Despite overall student improvement, more schools failing’ under NCLB
Sixty three percent of schools that are subject to federal accountability sanctions under No Child Left Behind have been labeled as failing, according to data released today by the California Department of Education.
But paradoxically, for the ninth year in a row, schools across the state saw an overall improvement on standardized tests last spring. Those scores are used to measure schools under the federal criteria, known as Adequate Yearly Progress.
The AYP system, an ever increasing federal benchmark that rose by 11 percentage points this year, has set an unrealistic goal for most Title 1 schools and has prompted education leaders across the state to call it out as flawed.
At school after school, and among every significant ethnic group, California's students are performing better than ever. The failure here is in our politics, not our public schools," said State Superintendent of Public Instruction Tom Torlakson in a statement.
Torlakson is one of several state school chiefs who are considering abandoning compliance with federal performance mandates under AYP, though he hopes a compromise can first be reached with the Obama administration.
The superintendent has asked U.S. Education Secretary Arne Duncan to freeze the state's annual proficiency targets so that a new cohort of schools won't be subjected to those mandates. He's also threatened to join with states that have said they would no longer comply with the proficiency requirements.
Although Duncan is critical of No Child Left Behind, relief to California has not yet arrived. Meanwhile, today's results show that 913 schools and 95 local educational agencies have entered into Program Improvement for the 2011-12 school year.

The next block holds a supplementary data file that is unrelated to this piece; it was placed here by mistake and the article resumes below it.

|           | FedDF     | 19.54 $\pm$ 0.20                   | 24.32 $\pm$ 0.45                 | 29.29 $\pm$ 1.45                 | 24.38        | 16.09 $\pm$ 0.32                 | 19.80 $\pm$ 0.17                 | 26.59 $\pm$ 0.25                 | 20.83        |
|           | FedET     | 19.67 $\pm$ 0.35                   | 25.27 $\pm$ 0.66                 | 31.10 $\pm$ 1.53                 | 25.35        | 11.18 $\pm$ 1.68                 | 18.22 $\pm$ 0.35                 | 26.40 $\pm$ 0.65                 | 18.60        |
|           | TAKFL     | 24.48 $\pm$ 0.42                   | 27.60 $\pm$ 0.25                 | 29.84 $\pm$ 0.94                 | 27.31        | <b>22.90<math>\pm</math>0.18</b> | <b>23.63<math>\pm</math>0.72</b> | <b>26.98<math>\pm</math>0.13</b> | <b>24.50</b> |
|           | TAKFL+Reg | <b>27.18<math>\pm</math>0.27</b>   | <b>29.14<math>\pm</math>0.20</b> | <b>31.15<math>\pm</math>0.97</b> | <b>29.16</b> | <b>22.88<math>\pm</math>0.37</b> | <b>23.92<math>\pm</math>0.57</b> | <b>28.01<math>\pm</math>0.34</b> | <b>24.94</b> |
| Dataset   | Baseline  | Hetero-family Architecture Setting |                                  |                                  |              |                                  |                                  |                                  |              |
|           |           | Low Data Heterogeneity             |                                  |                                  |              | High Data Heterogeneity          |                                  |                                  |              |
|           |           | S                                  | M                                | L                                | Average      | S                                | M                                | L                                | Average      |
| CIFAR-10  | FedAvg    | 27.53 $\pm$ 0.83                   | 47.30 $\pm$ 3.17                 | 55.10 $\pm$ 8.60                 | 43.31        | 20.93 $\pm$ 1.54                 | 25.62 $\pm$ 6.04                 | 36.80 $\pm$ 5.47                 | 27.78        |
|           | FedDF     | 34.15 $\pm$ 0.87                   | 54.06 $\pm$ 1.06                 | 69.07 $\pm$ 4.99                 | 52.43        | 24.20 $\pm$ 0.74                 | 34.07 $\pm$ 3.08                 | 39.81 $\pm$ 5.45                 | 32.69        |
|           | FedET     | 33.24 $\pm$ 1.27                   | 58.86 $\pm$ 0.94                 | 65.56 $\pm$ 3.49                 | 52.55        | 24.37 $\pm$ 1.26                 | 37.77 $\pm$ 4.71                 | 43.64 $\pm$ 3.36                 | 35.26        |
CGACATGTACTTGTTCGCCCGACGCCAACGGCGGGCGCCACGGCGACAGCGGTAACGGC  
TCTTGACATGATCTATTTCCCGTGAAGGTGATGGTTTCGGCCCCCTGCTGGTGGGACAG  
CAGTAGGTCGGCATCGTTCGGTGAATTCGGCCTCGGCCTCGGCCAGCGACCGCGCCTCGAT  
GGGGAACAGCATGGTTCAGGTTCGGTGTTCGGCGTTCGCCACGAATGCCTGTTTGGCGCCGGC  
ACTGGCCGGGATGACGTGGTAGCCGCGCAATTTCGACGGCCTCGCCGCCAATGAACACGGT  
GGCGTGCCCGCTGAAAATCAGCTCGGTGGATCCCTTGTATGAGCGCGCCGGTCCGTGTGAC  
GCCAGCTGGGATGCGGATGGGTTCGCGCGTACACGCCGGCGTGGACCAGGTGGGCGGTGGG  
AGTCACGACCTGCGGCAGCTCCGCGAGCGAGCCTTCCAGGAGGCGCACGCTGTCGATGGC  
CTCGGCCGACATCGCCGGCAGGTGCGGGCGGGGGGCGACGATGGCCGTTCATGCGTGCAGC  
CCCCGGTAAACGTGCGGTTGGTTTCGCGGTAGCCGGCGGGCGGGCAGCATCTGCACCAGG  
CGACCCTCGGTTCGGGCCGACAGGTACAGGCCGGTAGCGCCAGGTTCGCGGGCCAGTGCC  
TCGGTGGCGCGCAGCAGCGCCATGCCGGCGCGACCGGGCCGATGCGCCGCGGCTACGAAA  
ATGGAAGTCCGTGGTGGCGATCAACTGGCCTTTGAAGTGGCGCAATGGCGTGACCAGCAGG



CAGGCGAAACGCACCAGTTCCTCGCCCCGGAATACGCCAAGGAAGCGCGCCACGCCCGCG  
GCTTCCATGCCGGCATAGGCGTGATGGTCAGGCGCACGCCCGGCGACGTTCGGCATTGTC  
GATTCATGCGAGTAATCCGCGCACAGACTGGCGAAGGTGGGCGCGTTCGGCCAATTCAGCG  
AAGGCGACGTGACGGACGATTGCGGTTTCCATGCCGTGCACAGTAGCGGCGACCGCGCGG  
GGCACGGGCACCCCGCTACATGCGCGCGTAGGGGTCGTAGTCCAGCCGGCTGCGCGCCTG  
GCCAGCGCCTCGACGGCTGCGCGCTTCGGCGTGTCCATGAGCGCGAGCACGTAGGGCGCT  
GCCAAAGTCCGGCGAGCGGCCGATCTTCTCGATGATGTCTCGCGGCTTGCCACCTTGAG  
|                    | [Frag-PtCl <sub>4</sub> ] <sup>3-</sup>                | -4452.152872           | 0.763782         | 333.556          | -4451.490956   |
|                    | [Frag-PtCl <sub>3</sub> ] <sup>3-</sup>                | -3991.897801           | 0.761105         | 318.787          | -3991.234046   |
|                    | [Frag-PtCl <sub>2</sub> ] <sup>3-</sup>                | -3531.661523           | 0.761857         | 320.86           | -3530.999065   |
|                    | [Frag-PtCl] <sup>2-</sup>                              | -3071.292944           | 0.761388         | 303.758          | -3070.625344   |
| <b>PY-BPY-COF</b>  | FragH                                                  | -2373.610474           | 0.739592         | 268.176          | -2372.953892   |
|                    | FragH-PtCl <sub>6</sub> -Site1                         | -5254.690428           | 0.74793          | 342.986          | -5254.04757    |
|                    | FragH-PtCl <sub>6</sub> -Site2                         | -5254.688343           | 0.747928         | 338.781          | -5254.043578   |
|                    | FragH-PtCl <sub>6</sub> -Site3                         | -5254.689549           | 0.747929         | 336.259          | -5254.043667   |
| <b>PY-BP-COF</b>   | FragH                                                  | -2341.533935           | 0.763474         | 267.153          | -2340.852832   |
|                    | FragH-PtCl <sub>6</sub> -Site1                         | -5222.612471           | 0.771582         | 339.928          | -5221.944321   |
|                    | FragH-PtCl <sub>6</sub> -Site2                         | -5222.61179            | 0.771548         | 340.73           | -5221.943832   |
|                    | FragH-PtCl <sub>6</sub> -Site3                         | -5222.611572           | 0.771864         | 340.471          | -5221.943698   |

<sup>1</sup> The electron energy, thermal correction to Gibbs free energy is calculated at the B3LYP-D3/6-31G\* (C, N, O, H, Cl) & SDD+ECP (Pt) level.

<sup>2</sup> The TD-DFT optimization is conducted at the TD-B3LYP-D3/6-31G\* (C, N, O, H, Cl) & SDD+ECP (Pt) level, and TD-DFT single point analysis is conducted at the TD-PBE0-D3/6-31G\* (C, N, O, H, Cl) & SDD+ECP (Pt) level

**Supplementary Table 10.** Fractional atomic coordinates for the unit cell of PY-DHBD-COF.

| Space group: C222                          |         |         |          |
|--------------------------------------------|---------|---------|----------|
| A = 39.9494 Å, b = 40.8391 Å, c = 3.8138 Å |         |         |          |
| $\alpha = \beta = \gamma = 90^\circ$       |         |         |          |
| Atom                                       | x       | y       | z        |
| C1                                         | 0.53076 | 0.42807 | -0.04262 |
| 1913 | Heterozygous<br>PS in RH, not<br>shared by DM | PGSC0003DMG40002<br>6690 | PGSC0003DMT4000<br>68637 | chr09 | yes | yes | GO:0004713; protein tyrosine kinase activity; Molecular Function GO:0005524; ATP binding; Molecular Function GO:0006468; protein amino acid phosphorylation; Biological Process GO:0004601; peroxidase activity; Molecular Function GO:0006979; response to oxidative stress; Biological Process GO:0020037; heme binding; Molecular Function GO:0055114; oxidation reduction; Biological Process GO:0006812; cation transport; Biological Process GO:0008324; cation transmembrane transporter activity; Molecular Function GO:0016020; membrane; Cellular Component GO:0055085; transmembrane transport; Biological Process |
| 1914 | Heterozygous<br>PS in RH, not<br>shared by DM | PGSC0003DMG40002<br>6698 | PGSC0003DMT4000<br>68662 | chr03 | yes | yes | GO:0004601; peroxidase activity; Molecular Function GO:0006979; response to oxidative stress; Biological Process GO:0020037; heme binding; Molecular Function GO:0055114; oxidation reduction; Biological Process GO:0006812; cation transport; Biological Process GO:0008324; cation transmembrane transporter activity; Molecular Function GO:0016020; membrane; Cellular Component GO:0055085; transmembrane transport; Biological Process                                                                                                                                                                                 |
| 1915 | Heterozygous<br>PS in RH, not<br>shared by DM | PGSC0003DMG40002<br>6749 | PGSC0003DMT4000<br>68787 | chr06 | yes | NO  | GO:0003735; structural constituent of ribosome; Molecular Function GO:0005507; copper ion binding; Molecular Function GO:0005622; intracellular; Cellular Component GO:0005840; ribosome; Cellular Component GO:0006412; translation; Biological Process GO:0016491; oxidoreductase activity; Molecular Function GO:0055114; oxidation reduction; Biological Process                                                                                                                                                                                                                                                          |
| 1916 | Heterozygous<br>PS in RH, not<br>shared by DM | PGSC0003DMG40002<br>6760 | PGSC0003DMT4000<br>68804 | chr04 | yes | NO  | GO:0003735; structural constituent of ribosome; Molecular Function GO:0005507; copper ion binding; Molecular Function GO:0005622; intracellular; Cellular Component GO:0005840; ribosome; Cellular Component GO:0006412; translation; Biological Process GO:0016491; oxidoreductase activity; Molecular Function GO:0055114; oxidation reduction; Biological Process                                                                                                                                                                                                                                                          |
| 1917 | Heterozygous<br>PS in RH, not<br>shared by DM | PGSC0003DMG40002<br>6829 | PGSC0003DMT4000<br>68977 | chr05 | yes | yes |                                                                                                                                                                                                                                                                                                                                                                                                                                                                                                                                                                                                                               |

Program Improvement, or PI, is a sanction that targets schools or LEAs that fail to meet AYP criteria for two consecutive years. PI status forces educators to implement a series of state and federally-required interventions over a five-year timeline.
A total 3,892 schools and 445 LEAs - which include districts, county offices of education, and statewide benefit charters - are now in PI status.
On the bright side, the results show that 85 schools and one LEA exited out of PI status.
However, statewide student performance on the state's accountability tool, the Academic Performance Index, jumped by 11 percentage points in 2011.
The average student score is now 778, just under the state's target of 800. Forty nine percent of California schools have now met or surpassed that goal, which is an increase of 3 percent from last year.
The API showed improved achievement among Latinos and students classified as English learners, though the achievement gap persists in California schools.
Latinos and English learners each gained 14 percentage points from last year. Latinos had an average score of 729, while English learners scored 706.
African Americans saw a 10 point gain for an average score of 696.
Asians had an eight point gain for a score of 898, and whites had a gain of seven for a score of 845.
API scores from students with disabilities climbed 15 points to 595.
The API target of 800 was established by the California State Board of Education.
To read more visit: http://www.cde.ca.gov